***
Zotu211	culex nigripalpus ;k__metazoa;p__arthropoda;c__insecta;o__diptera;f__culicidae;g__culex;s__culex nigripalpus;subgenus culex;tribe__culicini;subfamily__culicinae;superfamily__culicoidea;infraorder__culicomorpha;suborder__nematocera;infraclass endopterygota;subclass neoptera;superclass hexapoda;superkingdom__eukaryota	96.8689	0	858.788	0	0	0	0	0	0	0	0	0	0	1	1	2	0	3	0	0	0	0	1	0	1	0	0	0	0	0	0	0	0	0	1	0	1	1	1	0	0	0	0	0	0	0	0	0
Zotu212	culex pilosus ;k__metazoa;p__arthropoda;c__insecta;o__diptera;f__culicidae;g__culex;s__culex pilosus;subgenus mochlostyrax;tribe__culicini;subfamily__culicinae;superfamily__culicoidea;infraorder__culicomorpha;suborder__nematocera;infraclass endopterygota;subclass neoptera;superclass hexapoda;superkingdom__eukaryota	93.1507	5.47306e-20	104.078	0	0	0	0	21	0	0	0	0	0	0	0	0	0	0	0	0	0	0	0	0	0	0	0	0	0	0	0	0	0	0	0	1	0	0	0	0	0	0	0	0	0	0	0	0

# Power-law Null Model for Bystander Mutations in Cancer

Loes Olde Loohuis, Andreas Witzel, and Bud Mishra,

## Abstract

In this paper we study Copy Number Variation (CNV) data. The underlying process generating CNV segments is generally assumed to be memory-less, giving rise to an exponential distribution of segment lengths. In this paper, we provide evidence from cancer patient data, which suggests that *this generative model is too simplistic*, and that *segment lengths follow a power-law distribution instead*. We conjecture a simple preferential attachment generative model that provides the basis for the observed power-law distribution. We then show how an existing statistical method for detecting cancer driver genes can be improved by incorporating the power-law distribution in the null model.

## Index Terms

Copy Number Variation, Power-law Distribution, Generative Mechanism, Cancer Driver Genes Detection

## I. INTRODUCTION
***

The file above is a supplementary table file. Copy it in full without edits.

Zotu211	culex nigripalpus ;k__metazoa;p__arthropoda;c__insecta;o__diptera;f__culicidae;g__culex;s__culex nigripalpus;subgenus culex;tribe__culicini;subfamily__culicinae;superfamily__culicoidea;infraorder__culicomorpha;suborder__nematocera;infraclass endopterygota;subclass neoptera;superclass hexapoda;superkingdom__eukaryota	96.8689	0	858.788	0	0	0	0	0	0	0	0	0	0	1	1	2	0	3	0	0	0	0	1	0	1	0	0	0	0	0	0	0	0	0	1	0	1	1	1	0	0	0	0	0	0	0	0	0
Zotu212	culex pilosus ;k__metazoa;p__arthropoda;c__insecta;o__diptera;f__culicidae;g__culex;s__culex pilosus;subgenus mochlostyrax;tribe__culicini;subfamily__culicinae;superfamily__culicoidea;infraorder__culicomorpha;suborder__nematocera;infraclass endopterygota;subclass neoptera;superclass hexapoda;superkingdom__eukaryota	93.1507	5.47306e-20	104.078	0	0	0	0	21	0	0	0	0	0	0	0	0	0	0	0	0	0	0	0	0	0	0	0	0	0	0	0	0	0	0	0	1	0	0	0	0	0	0	0	0	0	0	0	0

# Power-law Null Model for Bystander Mutations in Cancer

Loes Olde Loohuis, Andreas Witzel, and Bud Mishra,

## Abstract

In this paper we study Copy Number Variation (CNV) data. The underlying process generating CNV segments is generally assumed to be memory-less, giving rise to an exponential distribution of segment lengths. In this paper, we provide evidence from cancer patient data, which suggests that *this generative model is too simplistic*, and that *segment lengths follow a power-law distribution instead*. We conjecture a simple preferential attachment generative model that provides the basis for the observed power-law distribution. We then show how an existing statistical method for detecting cancer driver genes can be improved by incorporating the power-law distribution in the null model.

## Index Terms

Copy Number Variation, Power-law Distribution, Generative Mechanism, Cancer Driver Genes Detection

## I. INTRODUCTION